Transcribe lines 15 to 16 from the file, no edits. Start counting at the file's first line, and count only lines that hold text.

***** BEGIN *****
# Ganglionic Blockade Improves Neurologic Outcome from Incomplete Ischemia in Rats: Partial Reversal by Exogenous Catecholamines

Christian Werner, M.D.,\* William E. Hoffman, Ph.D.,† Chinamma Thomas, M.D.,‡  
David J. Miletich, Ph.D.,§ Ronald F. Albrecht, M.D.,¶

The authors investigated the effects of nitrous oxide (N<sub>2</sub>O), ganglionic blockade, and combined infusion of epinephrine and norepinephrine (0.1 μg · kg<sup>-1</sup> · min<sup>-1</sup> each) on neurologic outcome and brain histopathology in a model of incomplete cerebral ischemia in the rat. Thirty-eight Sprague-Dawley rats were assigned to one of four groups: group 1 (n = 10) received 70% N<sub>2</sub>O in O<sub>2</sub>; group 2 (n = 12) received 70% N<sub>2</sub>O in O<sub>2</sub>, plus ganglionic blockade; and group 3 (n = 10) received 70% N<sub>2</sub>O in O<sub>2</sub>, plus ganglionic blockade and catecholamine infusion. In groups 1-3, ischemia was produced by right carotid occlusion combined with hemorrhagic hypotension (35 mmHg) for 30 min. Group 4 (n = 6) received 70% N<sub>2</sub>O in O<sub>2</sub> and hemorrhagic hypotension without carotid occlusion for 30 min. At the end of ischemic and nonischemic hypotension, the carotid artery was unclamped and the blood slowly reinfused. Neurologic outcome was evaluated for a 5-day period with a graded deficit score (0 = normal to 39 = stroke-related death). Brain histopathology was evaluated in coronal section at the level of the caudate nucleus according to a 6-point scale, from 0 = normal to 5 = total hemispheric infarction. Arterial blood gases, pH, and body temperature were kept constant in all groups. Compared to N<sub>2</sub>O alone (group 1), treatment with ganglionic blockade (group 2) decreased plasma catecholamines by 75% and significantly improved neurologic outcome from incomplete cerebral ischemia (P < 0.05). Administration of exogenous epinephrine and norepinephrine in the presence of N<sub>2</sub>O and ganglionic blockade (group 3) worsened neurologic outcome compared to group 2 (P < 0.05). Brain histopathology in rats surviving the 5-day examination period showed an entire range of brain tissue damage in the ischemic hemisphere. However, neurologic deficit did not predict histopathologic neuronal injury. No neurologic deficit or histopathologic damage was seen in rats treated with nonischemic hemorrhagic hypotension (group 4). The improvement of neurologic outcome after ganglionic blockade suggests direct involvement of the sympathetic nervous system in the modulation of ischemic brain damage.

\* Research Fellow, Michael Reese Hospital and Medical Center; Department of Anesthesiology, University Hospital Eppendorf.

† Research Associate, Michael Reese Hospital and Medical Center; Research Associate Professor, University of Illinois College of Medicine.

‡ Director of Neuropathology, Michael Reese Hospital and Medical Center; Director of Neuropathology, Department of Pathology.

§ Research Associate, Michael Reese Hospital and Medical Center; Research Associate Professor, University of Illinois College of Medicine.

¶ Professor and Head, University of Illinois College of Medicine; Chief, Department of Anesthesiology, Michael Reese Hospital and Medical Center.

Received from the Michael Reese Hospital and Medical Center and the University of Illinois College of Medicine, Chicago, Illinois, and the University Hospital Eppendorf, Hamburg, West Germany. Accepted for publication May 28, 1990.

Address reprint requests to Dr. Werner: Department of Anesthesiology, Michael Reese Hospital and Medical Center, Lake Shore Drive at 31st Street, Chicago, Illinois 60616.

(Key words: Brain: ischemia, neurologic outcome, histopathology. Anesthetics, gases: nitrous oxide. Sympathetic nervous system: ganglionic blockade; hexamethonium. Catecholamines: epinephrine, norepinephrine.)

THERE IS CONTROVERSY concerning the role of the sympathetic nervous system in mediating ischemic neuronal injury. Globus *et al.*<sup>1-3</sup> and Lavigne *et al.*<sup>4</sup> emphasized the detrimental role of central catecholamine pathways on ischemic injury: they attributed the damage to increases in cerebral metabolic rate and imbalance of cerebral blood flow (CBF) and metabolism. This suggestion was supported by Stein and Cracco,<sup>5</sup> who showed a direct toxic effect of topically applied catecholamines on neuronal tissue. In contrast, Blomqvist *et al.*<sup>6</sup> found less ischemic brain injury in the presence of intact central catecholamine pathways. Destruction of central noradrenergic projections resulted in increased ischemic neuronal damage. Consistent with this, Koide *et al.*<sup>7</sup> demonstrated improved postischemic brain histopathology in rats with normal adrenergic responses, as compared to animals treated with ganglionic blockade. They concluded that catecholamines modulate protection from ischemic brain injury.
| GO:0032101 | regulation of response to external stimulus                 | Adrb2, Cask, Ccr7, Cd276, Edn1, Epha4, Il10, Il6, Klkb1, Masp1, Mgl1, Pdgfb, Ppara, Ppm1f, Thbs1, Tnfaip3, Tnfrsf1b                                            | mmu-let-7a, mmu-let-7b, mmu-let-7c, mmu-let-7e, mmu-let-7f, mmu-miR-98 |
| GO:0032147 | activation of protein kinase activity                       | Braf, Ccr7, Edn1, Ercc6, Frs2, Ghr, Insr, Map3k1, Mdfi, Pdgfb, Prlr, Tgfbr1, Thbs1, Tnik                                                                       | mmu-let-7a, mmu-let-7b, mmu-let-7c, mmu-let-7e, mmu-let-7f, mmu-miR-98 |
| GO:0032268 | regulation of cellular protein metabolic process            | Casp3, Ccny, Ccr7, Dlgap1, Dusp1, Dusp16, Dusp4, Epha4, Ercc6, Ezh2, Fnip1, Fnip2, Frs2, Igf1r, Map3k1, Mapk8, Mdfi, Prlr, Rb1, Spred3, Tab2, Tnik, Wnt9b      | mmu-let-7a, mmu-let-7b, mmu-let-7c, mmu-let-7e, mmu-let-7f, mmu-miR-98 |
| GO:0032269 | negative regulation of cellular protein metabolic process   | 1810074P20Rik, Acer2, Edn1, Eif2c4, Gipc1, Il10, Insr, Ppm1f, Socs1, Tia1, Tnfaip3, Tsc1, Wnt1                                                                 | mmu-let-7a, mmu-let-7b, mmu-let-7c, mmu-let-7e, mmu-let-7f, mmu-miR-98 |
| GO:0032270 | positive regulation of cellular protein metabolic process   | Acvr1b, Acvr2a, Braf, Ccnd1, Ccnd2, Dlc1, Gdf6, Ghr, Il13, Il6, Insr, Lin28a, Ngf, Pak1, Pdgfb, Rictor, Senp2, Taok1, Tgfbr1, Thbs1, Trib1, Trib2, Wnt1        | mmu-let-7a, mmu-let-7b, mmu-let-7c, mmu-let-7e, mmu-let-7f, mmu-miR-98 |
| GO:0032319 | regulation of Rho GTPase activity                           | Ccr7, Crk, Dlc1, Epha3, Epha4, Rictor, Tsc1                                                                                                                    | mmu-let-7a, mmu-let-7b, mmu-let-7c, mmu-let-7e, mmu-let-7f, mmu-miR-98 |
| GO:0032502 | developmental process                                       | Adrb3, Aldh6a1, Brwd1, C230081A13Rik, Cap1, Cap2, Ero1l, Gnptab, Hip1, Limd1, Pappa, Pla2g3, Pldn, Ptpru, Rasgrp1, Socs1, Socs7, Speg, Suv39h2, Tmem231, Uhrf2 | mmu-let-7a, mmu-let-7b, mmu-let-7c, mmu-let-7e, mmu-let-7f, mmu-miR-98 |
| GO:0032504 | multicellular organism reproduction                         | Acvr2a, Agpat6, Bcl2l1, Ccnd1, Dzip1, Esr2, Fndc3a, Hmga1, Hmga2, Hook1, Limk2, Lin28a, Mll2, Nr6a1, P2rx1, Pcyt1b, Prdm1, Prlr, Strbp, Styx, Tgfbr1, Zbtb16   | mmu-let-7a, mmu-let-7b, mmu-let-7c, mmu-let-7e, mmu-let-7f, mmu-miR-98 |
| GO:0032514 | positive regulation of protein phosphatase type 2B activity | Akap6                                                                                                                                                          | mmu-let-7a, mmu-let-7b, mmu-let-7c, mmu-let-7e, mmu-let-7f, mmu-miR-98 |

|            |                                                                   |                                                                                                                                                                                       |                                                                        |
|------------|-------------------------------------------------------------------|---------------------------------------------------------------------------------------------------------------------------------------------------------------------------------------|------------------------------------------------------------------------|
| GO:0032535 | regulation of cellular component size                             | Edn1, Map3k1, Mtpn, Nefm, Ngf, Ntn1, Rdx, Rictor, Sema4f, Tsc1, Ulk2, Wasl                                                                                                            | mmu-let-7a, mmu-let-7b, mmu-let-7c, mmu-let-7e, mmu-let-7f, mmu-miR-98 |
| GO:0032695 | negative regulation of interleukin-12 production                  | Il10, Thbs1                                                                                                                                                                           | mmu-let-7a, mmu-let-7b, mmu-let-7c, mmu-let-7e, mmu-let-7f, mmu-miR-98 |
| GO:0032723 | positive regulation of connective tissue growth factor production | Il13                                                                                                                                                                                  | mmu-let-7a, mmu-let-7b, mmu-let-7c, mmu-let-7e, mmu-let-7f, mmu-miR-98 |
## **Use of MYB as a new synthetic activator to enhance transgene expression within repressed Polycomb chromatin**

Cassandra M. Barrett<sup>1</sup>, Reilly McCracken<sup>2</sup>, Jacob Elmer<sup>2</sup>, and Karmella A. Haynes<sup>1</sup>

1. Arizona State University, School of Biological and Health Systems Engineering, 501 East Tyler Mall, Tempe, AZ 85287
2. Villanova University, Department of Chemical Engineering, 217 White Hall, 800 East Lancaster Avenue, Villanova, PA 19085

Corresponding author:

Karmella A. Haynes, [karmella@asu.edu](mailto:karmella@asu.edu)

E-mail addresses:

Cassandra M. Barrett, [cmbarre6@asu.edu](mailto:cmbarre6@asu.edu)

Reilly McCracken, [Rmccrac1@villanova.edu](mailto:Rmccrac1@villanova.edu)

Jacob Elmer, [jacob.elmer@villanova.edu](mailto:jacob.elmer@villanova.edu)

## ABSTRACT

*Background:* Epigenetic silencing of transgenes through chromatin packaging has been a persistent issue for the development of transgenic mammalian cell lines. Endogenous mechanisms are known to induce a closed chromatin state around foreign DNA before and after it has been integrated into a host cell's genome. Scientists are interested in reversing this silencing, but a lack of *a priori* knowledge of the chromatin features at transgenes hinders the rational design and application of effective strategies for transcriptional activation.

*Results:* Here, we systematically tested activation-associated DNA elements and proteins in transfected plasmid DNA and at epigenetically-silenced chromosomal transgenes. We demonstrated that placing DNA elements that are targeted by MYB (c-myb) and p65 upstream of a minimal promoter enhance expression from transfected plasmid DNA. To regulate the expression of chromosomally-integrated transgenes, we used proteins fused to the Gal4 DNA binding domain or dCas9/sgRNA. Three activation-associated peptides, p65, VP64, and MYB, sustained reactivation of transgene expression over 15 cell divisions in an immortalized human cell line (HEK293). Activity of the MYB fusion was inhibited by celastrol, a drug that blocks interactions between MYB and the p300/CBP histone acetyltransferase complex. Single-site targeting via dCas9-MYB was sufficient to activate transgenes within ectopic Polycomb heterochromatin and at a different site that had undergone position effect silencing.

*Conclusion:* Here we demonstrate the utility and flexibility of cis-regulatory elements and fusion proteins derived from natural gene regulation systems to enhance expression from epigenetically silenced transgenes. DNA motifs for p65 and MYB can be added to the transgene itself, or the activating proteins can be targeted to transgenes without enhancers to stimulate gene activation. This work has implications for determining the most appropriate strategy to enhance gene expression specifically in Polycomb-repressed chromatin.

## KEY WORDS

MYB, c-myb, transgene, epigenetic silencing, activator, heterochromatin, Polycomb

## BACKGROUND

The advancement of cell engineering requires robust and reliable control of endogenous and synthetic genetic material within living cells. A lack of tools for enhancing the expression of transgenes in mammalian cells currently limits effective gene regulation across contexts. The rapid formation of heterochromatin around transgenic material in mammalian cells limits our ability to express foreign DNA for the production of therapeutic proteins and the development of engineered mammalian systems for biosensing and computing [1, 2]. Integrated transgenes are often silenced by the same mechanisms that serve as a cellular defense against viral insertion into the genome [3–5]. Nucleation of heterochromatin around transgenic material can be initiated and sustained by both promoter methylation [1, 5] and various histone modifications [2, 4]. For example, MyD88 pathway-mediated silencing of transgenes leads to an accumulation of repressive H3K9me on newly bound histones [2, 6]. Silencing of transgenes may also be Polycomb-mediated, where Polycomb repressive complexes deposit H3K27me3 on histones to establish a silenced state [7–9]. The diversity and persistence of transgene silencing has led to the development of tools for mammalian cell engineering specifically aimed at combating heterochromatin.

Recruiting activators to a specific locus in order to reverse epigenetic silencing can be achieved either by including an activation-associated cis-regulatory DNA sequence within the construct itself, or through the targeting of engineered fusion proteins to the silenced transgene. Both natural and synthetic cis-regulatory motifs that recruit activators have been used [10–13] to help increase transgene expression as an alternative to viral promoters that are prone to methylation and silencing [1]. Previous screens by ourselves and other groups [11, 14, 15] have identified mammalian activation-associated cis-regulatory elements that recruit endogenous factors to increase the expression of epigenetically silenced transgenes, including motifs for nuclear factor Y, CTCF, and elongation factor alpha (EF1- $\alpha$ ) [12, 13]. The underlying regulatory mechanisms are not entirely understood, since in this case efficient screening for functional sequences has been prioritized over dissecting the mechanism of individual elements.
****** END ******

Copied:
| GO:0032147 | activation of protein kinase activity                       | Braf, Ccr7, Edn1, Ercc6, Frs2, Ghr, Insr, Map3k1, Mdfi, Pdgfb, Prlr, Tgfbr1, Thbs1, Tnik                                                                       | mmu-let-7a, mmu-let-7b, mmu-let-7c, mmu-let-7e, mmu-let-7f, mmu-miR-98 |
| GO:0032268 | regulation of cellular protein metabolic process            | Casp3, Ccny, Ccr7, Dlgap1, Dusp1, Dusp16, Dusp4, Epha4, Ercc6, Ezh2, Fnip1, Fnip2, Frs2, Igf1r, Map3k1, Mapk8, Mdfi, Prlr, Rb1, Spred3, Tab2, Tnik, Wnt9b      | mmu-let-7a, mmu-let-7b, mmu-let-7c, mmu-let-7e, mmu-let-7f, mmu-miR-98 |